Briefly arising, Pamela's smile suddenly passed into eclipse, as it appeared to grow on her that Rommy was deadly earnest.

"Man gotta get married 'fore he die, right?" Rommy asked. "Ain that a good idea?"

Great, Arthur thought. Competition.

"You'n me get hitched up," Rommy told her, "I can get a conjugal."

Judging from her rigid posture, this was not part of Pamela's vision of valiant representation. Arthur, who'd had no idea how to commence this interview, quickly picked up Judge Gillian Sullivan's judgment and commitment order from 1992 that sentenced Rommy to death, and began reading it out loud.

"Auga-what? Who now?" asked Rommy Gandolph.

"Augustus Leonidis," said Arthur.

"Am I knowin him?" asked Rommy. The lids twitched over his closed eyes as he made an effort to place the name.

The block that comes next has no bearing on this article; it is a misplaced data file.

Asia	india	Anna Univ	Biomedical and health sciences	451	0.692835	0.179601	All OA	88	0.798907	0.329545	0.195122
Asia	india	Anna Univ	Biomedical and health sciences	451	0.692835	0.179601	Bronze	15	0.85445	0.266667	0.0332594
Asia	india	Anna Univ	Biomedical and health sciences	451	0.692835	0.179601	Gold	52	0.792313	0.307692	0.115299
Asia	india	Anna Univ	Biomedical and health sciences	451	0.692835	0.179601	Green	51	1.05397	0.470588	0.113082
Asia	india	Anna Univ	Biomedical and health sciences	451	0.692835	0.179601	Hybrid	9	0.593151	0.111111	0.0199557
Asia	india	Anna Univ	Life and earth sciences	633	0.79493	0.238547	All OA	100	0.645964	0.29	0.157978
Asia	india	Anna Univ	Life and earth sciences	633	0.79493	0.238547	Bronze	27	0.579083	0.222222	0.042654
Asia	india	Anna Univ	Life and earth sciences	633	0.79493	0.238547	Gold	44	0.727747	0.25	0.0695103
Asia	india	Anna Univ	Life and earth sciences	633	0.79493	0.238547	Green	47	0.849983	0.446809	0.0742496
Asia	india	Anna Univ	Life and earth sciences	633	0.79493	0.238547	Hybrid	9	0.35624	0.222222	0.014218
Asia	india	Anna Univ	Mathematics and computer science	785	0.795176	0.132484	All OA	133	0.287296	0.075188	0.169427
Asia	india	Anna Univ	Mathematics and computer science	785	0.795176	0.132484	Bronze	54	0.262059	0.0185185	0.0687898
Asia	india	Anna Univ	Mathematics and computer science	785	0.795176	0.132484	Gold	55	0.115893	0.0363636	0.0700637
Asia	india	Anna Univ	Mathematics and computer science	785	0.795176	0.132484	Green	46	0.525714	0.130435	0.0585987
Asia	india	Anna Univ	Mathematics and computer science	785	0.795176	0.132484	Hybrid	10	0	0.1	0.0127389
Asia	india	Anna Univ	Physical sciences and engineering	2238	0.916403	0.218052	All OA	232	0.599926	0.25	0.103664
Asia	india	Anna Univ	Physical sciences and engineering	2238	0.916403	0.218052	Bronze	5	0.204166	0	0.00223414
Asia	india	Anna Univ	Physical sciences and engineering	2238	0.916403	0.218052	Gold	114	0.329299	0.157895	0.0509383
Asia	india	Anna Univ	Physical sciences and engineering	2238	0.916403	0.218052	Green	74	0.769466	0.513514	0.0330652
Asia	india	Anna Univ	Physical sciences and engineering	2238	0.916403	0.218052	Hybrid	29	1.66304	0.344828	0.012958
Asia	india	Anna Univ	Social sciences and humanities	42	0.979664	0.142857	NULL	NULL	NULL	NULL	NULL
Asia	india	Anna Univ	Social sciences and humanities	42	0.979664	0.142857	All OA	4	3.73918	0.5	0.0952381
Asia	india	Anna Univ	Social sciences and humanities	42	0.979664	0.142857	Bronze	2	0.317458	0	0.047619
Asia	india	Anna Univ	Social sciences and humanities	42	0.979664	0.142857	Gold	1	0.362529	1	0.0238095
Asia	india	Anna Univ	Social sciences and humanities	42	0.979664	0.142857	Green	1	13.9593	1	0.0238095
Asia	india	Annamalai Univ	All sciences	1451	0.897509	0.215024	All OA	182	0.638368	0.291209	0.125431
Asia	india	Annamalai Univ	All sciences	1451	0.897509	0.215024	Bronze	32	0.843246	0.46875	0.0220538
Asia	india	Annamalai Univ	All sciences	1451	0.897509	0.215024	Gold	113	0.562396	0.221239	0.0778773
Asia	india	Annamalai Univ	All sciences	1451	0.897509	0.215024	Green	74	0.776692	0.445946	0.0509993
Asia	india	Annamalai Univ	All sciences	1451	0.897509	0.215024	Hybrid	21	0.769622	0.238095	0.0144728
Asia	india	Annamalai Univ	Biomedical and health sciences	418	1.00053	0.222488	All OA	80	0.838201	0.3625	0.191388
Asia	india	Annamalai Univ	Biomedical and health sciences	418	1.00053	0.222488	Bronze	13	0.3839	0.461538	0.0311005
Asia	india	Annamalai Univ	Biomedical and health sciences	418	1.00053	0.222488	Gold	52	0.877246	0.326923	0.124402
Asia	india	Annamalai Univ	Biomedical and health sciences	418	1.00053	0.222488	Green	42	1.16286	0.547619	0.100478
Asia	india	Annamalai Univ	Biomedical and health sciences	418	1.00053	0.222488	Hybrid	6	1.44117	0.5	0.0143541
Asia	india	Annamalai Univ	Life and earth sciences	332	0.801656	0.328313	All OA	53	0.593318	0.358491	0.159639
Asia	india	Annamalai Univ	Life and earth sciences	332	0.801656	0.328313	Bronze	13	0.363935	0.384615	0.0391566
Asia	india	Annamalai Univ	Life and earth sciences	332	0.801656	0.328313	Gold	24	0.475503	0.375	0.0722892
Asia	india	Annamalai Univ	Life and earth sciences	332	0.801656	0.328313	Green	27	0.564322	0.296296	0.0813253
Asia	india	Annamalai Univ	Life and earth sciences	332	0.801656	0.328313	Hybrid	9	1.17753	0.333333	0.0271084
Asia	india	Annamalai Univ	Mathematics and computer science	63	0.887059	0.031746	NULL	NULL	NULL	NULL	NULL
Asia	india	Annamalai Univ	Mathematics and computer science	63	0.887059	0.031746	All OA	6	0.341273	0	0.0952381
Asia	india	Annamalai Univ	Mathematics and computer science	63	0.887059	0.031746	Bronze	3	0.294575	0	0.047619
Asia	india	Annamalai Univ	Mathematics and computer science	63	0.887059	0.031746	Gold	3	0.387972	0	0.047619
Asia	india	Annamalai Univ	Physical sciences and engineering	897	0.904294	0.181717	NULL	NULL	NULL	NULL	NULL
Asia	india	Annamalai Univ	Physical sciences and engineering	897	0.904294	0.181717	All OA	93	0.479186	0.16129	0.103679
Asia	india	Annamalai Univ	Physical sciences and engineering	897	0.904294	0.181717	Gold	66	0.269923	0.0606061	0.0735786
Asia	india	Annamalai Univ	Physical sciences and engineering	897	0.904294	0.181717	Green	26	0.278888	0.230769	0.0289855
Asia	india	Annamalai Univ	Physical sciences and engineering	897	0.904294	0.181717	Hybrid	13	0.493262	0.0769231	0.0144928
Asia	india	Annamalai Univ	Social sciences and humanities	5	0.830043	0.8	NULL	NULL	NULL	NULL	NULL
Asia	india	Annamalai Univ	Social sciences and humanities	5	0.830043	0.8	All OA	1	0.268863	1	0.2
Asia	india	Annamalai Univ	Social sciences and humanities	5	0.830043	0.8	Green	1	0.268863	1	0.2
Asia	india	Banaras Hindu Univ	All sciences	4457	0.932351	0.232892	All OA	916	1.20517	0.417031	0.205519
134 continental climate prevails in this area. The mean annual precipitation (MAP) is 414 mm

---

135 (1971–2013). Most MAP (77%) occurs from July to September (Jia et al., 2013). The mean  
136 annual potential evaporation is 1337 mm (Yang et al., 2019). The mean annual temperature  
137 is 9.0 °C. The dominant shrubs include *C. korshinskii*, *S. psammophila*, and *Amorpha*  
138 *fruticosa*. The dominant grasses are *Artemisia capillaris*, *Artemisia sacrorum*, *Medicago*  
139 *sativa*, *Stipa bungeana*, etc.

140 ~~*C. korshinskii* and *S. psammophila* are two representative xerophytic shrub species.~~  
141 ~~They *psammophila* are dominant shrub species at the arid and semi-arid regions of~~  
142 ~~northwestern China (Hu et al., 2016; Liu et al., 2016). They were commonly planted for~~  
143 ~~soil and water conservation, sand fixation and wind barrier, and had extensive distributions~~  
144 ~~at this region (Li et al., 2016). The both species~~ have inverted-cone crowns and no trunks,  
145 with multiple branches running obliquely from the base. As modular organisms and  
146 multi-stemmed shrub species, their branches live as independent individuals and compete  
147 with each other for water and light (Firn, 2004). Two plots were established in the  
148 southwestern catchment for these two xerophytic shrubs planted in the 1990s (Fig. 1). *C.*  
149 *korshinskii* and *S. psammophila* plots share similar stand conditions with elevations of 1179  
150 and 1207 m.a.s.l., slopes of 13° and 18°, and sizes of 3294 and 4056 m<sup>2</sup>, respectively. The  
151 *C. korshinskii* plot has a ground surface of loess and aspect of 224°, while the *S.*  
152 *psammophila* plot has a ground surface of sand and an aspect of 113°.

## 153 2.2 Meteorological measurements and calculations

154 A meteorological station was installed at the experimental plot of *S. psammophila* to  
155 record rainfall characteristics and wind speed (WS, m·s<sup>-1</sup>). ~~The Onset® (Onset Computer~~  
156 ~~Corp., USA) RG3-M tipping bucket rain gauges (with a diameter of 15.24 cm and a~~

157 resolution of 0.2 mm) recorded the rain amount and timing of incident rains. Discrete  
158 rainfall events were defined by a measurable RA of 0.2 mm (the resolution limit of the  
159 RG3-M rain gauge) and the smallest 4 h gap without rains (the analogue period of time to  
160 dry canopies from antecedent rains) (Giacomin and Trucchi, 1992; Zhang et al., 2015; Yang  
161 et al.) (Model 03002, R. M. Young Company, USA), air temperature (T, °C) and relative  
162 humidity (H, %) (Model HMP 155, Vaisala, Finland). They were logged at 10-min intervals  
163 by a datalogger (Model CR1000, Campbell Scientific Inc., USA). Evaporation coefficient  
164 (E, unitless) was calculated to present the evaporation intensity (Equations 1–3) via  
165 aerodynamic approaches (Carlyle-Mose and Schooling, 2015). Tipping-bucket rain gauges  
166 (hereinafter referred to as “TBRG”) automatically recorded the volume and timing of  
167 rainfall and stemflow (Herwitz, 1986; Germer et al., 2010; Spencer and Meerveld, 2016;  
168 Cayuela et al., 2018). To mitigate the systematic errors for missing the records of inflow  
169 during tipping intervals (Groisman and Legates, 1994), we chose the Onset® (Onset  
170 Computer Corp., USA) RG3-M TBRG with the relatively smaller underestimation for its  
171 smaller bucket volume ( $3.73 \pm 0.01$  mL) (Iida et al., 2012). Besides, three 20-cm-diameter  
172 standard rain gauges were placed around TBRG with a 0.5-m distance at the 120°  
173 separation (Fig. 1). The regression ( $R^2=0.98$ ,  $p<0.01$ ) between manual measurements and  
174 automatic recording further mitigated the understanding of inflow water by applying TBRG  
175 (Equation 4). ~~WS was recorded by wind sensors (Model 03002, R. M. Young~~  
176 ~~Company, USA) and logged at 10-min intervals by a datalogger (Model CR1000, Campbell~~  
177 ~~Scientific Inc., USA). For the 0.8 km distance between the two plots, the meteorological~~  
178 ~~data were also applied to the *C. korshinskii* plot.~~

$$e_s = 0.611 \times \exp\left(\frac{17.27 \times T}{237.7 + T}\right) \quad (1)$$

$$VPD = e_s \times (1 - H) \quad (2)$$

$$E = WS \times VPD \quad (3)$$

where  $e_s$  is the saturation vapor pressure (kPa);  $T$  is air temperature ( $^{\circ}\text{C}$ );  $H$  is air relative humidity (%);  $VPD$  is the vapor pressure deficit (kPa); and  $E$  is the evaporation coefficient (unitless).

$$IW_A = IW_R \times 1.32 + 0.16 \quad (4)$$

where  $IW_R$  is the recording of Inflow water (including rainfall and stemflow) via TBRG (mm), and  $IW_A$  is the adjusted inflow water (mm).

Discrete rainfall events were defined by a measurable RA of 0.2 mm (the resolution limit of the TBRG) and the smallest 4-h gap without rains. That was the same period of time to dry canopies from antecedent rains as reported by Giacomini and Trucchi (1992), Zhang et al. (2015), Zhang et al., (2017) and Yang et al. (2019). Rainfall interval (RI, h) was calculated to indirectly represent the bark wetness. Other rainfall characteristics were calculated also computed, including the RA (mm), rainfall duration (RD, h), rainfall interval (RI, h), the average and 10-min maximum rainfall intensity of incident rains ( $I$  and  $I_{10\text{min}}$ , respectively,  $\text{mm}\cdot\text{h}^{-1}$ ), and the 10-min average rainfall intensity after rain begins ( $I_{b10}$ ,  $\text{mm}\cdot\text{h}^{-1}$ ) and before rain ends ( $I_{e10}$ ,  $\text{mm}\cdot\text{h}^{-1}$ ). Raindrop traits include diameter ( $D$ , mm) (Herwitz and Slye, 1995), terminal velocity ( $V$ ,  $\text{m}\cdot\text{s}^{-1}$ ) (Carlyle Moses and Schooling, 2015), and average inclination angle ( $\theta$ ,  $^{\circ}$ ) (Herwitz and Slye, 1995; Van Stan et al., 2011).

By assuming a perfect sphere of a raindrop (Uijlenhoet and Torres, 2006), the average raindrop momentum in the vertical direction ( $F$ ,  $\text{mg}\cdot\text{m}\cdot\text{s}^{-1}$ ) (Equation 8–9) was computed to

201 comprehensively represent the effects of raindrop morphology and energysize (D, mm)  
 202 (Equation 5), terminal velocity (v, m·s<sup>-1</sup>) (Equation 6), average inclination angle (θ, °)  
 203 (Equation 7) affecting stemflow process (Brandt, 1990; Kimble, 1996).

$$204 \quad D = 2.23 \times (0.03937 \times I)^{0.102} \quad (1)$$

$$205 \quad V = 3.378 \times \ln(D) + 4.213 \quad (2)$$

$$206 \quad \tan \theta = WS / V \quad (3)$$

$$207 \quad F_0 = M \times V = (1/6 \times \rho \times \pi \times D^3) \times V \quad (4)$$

"He's one of the three," said Arthur quietly.

"What three?"

"The three the state says you killed." Confessed to killing, Arthur thought. But no need to put too fine a point on it at present.

"Mmm," said Rommy. "Don't think I knowed him." Rommy shook his head, as if he'd missed a social call. Gandolph was nearing forty. He had a yellowish tinge to his eyes, and, by all appearances, the blood of the Americas in his veins. In contemporary parlance, he was 'black,' but there looked to be white and Indian and Hispanic in him as well. His hair was gnarled and uncut, and he was missing several teeth, but he wasn't ugly. Craziness just seemed to have eaten the center out of him. Looking at Rommy's eyes zag about like frenzied bugs near a light, Arthur held little doubt why his prior lawyers had focused on a psychiatric defense. As people commonly used the word 'crazy,' Rommy Gandolph without question was. Yet not crazy enough. So- ciopathic. Borderline personality disorder, maybe even flat-out schizoid. But not thoroughly lost in the wilderness, not so entirely without a compass that he did not know wrong from right, which was what the law required for a defense.